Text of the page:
So, break has allowed some time for reading. Hurrah!
First, I finally read Another Country by James Baldwin. That was an important book for me to read (particularly while I was in the process of writing my 75-page term paper circling why I write and what I struggle with). Baldwin makes a beautiful story out of completely dramatic, internal circumstances — he seems to have written exactly the book he wanted to write, choosing his issues, building them into every character, ignoring in large part the things that would have kept me from writing a like this*, namely the consideration of how dramatic everything is, how prone to soap opera-ization it all seems, and how the details of Baldwin’s own life are reflected throughout the book in ways that probably raised questions for his contemporaries.
All of which is me saying: this was a bold and beautiful book, and I enjoyed it. It was so nicely crafted that I put it down about half way through, because I was so certain it was headed for terrible, heart-breaking territory and I’d become so engaged with the characters. But it discusses art and love and sex and gender and sexuality and race in tumbling, confusing, whirling, and somehow believable, human ways. It draws no real conclusions except that everything is flexible. It’s just… a great book. I’ll muse on it much more (and particularly on its use of point-of-view) this year as I work on my own project.
I next read A Thousand Splendid Suns by Khaled Hosseini. Let me try and separate this from the ugly reaction I’ve been having to the marketing of The Kite Runner as a movie. This was… OK. Some of it was wonderful — he created two women as his point-of-view characters with real grace and emotion. What the book lacked for me was, in those characters, nuance — they both only wanted the same thing from their lives (twu wuv), and they were stopped at every possible turn by the same thing: Afghanistan. It felt like a book that was really about the political turmoil of the last 50 years in Afghanistan, told through the point-of-views of these women — a fine setup for a book, but to work, for me, a book needs to be about its characters. Hosseini throws every possible piece of convenient, terrible luck possible at these two women. While I believe completely that every horrible thing that happens to them is something that has happened to thousands, millions, even, of Afghan women, the fact that these bad things happen to them at precisely the moments when they have the most hope, the moments when they are most convenient for the movement of the story — it gets predictable and tiring. By the end, I had no real investment in either main character because the hand of the author was so obvious. The writing was, at times, very beautiful in descriptions of the place and time and circumstance, though, so I did read the whole thing. (It worries me that many readers probably take both of Hosseini’s books not as fiction but as essays about Afghani life, but that’s probably something the author should be congratulated on).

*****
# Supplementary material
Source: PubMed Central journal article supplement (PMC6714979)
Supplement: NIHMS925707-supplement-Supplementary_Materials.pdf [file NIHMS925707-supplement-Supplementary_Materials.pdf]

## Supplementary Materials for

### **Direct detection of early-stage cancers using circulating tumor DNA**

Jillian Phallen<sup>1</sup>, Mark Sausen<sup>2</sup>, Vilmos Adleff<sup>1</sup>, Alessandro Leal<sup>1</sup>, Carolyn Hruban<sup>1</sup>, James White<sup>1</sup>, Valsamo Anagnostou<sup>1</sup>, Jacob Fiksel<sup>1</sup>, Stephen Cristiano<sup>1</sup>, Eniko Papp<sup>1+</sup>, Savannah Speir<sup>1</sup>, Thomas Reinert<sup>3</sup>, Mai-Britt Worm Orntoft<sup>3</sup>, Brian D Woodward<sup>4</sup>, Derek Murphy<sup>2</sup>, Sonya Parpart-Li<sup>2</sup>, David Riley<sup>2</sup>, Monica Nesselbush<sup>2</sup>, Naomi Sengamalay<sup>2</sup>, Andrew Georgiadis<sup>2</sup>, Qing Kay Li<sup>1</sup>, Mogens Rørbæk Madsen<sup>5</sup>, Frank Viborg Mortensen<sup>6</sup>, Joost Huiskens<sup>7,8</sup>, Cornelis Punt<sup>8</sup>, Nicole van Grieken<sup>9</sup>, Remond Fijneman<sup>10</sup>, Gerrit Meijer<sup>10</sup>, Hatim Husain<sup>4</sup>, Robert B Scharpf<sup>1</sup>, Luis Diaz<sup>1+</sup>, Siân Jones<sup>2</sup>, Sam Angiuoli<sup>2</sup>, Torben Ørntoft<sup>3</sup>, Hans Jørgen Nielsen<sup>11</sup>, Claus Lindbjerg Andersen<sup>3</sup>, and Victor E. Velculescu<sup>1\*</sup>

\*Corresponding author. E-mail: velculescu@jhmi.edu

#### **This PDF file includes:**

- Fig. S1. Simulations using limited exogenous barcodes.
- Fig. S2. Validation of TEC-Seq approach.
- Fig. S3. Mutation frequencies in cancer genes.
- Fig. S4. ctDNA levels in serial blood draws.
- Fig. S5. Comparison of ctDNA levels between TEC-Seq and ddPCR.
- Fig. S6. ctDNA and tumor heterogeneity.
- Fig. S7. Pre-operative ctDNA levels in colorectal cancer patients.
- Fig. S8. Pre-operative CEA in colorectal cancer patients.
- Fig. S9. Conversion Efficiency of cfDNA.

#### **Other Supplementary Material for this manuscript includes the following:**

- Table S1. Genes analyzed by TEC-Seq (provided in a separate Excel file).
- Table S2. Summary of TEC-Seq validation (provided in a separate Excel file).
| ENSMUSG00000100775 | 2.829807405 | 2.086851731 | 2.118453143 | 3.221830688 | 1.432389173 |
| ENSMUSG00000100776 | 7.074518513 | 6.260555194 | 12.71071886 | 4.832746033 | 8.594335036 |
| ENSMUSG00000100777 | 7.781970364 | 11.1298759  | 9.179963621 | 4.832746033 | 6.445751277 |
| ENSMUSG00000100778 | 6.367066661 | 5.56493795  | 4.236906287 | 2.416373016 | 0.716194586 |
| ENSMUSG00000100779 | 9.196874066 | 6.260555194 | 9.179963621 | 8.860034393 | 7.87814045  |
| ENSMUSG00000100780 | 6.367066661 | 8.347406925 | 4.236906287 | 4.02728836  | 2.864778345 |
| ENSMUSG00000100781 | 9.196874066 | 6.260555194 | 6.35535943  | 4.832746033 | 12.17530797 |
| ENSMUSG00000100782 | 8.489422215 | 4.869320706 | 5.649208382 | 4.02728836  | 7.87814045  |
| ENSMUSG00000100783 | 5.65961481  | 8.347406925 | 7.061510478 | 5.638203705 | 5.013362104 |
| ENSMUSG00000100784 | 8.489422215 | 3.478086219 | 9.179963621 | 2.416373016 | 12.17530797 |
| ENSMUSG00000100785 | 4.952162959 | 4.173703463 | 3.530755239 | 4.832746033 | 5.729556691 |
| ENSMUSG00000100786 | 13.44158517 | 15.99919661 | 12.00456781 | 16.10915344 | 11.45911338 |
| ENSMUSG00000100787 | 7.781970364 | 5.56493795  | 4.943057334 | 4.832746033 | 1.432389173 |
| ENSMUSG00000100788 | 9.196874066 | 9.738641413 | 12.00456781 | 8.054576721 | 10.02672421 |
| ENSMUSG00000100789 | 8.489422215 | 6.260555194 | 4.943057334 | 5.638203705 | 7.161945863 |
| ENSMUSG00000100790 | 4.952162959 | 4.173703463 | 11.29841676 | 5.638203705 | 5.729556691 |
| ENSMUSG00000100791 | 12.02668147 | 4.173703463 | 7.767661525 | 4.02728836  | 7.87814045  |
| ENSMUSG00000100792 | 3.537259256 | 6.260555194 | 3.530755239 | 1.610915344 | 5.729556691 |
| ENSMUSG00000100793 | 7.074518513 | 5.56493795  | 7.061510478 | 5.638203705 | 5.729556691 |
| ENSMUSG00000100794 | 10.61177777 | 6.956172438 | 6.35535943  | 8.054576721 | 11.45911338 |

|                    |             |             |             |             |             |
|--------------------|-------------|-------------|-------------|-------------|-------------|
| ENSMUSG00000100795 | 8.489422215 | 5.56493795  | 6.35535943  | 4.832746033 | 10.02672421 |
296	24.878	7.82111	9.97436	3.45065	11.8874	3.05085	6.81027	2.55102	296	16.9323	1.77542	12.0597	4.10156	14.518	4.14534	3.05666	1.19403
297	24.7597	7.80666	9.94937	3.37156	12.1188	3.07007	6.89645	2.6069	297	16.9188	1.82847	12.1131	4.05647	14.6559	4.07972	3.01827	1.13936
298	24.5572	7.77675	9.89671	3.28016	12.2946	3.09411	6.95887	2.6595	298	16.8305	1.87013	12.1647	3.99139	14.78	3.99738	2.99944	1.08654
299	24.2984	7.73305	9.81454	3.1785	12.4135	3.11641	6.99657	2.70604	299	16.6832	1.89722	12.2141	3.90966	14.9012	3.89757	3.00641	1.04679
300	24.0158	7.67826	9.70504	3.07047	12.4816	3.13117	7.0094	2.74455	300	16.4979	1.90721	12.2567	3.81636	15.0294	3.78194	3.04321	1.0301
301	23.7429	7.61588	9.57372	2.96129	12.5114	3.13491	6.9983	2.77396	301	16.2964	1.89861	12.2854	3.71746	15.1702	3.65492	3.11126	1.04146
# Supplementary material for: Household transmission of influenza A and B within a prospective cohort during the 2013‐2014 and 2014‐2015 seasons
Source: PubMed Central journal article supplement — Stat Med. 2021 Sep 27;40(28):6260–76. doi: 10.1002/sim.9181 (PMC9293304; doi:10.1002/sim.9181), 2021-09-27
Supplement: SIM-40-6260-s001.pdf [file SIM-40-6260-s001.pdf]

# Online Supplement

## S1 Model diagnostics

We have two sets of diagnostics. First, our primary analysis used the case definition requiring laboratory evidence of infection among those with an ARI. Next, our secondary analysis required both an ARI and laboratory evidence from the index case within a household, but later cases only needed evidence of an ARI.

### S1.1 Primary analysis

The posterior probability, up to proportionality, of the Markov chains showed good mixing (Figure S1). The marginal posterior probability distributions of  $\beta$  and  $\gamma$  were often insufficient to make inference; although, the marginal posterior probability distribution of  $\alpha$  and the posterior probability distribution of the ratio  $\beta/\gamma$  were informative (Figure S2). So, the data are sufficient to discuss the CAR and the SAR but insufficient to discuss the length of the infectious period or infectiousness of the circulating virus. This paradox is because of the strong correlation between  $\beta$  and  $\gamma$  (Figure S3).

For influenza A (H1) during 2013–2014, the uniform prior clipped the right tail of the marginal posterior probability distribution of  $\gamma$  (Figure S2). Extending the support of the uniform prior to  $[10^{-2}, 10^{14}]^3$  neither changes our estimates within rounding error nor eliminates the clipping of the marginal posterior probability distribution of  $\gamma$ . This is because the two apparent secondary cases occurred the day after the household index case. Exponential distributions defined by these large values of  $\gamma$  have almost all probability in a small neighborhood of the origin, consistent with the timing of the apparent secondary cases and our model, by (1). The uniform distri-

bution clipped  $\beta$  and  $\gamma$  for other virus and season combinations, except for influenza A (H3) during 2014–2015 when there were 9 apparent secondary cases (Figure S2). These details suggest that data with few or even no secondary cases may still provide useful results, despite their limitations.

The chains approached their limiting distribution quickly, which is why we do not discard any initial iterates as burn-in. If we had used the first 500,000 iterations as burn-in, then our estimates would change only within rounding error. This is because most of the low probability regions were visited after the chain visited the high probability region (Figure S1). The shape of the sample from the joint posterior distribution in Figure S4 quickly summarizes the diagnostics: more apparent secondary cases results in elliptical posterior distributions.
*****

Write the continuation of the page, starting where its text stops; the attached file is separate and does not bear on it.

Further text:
I moved from Hosseini to Michael Chabon, which would seem to be a strange move but, in this case, worked well: Gentlemen of the Road is a short book that was first serialized in some magazine (The New Yorker? The NYT Magazine?). It’s fun, it’s strange, it’s totally Chabon: a new world created, new rules in play, and fast-paced word games and dialogue and heroes everywhere. Not his best (one big “twist” was obvious up front) but a good read for a snowy day.
I next tried to read The Age of Shiva, which I have an advanced reader’s copy of thanks to Library Thing. Probably a poor choice after A Thousand Splendid Suns, because it’s a similar formula: man writing from a woman’s point of view, trying to tell the story of a country and a character and favoring one over the other. But this book doesn’t hold together even half as well as Hosseini’s, because the woman created here makes no sense: while the world is what ruins the lives of Hosseini’s women, Suri’s main character sabotages herself at every turn, a perfect employee of the author. For instance, after being told explicitly by her father that a certain action will result in his withholding money meant to help her and her husband escape a life she hates, money she has asked for and has been dreaming about, she carries through with the action anyway, for no apparent reason or gain except that it allows the author to show her suffering. The author even has the character explicitly think about how her actions never make sense to her. Unless the book is heading toward mental illness along the lines of multiple personalities, I can’t buy it, and I haven’t made it past the halfway point yet.
Right now, I’m in the middle of Anna Karenina, as translated by Richard Pevear and Larissa Volokhonsky. As part of the Chekhov seminar I took last year, I read some of their translations of his short stories, and found them to be consistently both easy-to-read and artfully translated, as opposed to the standard (Garnett) translations. So when the same professor recommended reading their translation of AK, and when I happened to find that translation on the shelf of the Hutchinson Public Library, I jumped at it. And I have found it, so far, to be quite engaging and interesting… and will now scurry off to return to it. Go Vronsky! What?
* Not that I could write a book like this, in scope, detail, lyricism, or any of that. I am not James Baldwin and do not claim his skill.